Craig Reinbold Reviews The Chalk Circle: Intercultural Prizewinning Essays Edited by Tara L. Masih

 

The Chalk Circle: Intercultural Prizewinning Essays by Tara L. Masih

The Chalk Circle: Intercultural Prizewinning Essays
Edited by Tara L. Masih
Wyatt-MacKenzie Publishing
2012, 224 pages
ISBN 978-1936214716

More PC, but also more realistic maybe, we as a nation no longer strive for alchemized homogeneity, but rather embrace (or at least endorse, for the record) real cultural diversity—so the new utopia is not a melting pot, but a salad bowl. But what happens when the vinaigrette runs into the mustard, the fish sauce oozes onto the apple, the feta tastes like fennel, and the iceberg, arugula, cabbage, bok choy, and chard begin to feel misplaced, confused, and alienated? What happens when these many cultures collide?

Such is the issue at the heart of The Chalk Circle: Intercultural Prizewinning Essays, an anthology edited to life by Tara Masih. Introduced by Japanese-American writer David Mura, each of these essays presents “a snapshot of America today—a country of unprecedented ethnic and racial diversity.” He writes, “In a few decades, this country will no longer be characterized by a white majority, and these essays can be read as attempts to grapple with this coming shift and to redefine what it means to be an American in light of this inevitable change.”

As the first black reporter working for the Salt Lake Tribune in its 122-year history, Samuel Autman confronts the racism inherent in his new city. Journalist Kelly Hayes-Raitt shares a moment, and an ice cream, with an Iraqi girl in a Baghdad market just months after the U.S.-led invasion—shares a moment, gives a hug, “and then I’m gone.” Toshi Washizu, an Issei, a first-generation Japanese-American, portrays grief as a bond that transcends borders. Christine Stark, of both European and Native American ancestry, struggles to accept an identity that she was raised to run from. Shanti Elke Bannwart discusses the possibility of forgiveness as “the descendent of Nazi ancestors.” Simmons B. Buntin leads us along a lyrical path from theism to deism to pantheism. And in perhaps the finest essay of the collection, Lyzette Wanzer dines at a ritzy country club and realizes that she and her waiter are the only African-Americans en scene. She suggests, in standout poetic prose, that “something is awry, off-kilter about there being only we two here, in Atlanta, just us two in a city like Atlanta, only we two here, just us two, and you serving me.”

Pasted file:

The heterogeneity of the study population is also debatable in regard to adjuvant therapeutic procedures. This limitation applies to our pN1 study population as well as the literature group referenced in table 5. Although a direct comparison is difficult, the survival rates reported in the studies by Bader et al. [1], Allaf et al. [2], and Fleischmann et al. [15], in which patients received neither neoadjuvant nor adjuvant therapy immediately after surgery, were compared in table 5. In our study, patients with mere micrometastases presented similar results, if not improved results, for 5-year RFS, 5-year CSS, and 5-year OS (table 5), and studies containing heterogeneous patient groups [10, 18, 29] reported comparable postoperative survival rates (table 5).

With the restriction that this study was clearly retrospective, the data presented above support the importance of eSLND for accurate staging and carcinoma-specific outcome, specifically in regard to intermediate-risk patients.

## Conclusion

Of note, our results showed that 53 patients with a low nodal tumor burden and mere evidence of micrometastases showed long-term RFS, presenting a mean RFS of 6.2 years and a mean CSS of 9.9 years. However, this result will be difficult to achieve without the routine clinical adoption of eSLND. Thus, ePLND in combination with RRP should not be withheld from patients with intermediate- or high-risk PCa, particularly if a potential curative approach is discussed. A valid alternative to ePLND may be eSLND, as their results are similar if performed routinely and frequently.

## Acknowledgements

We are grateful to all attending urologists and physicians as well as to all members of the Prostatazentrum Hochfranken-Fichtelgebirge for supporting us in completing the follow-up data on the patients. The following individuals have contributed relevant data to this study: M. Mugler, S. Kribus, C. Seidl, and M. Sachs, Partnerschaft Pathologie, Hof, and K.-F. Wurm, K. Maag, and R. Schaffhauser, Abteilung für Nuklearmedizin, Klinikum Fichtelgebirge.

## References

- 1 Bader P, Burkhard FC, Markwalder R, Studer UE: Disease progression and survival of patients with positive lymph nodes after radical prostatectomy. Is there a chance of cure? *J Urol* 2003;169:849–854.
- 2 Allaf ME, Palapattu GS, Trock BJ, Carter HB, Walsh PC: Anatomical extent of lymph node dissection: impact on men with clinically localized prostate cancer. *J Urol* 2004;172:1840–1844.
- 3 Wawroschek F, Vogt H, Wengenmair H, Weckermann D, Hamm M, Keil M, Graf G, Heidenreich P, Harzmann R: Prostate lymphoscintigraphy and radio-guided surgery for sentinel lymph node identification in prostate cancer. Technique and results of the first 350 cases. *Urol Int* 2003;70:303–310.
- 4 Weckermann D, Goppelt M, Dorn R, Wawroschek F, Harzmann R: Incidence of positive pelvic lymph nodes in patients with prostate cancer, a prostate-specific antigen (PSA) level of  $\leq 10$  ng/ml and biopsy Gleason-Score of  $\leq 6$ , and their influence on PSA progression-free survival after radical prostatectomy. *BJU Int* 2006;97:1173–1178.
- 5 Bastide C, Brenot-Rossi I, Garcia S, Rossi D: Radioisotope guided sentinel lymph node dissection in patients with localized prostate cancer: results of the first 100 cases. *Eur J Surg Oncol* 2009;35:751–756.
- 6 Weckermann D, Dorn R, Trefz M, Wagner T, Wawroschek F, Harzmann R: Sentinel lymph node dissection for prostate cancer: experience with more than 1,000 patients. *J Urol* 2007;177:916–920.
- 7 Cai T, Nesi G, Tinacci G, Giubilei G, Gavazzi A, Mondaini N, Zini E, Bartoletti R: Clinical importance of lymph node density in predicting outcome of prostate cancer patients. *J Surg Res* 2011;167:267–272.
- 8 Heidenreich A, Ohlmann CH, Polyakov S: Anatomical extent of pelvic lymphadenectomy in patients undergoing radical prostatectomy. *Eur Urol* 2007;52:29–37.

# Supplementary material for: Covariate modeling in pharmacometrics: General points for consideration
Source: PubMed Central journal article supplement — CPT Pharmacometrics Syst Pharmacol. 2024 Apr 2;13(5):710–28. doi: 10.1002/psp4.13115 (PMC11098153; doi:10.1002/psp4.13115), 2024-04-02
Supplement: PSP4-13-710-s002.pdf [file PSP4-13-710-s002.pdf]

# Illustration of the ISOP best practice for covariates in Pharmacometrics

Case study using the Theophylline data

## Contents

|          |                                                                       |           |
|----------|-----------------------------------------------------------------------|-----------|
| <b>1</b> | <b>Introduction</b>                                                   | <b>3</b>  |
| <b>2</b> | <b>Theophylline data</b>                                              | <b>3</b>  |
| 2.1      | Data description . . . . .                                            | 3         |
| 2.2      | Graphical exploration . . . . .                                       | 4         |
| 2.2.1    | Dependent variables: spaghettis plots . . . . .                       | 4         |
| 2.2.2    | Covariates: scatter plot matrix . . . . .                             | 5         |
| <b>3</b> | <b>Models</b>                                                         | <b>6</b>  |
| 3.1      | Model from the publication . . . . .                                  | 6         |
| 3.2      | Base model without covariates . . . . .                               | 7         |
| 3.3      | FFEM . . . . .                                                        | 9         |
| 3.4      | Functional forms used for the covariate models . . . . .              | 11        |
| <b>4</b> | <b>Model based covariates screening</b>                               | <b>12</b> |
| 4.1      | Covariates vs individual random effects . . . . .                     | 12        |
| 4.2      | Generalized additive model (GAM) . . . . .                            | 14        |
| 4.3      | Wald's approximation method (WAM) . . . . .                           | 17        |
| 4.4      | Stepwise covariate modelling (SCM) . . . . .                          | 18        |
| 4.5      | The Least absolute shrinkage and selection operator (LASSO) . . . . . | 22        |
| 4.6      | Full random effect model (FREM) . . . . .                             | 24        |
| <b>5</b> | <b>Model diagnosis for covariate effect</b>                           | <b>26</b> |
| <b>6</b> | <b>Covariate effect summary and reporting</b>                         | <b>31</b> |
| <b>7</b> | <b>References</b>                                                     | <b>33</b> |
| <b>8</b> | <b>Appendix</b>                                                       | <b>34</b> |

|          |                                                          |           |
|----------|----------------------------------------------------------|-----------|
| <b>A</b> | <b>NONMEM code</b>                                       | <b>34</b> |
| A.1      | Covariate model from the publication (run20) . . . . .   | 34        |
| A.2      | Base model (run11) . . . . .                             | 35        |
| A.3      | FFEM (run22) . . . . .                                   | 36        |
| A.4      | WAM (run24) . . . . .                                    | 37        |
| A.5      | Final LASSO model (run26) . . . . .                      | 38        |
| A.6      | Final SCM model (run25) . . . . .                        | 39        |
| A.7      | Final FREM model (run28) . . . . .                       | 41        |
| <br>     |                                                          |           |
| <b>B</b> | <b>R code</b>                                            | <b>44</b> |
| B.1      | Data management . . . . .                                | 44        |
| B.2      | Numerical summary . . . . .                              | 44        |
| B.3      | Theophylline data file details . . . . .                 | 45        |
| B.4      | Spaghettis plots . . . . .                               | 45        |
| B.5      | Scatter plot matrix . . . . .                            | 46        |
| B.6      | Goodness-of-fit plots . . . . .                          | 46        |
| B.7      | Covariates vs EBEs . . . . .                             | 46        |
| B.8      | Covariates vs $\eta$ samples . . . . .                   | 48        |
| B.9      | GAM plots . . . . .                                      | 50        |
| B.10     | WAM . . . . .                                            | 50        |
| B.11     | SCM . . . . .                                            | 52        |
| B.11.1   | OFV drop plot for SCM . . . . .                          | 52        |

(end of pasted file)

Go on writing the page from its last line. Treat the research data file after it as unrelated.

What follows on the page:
In these pages, we’re allowed to revel in a real diversity of stories, and discover that there are no easy answers. These essays exude a realistic—and often troubling—ambiguity, an ambiguity inherent in the process of constructing a genuine intercultural identity. Intercultural being the choice word here.

Editor Tara Masih prefers intercultural, as “multi, to me, means many and separate. Inter begs to be more inclusive.” Intercultural, as in existing betwixt cultures, living with connections to so many cultures, but defined by no one culture exactly: interconnected, cultures interwoven, intercultural.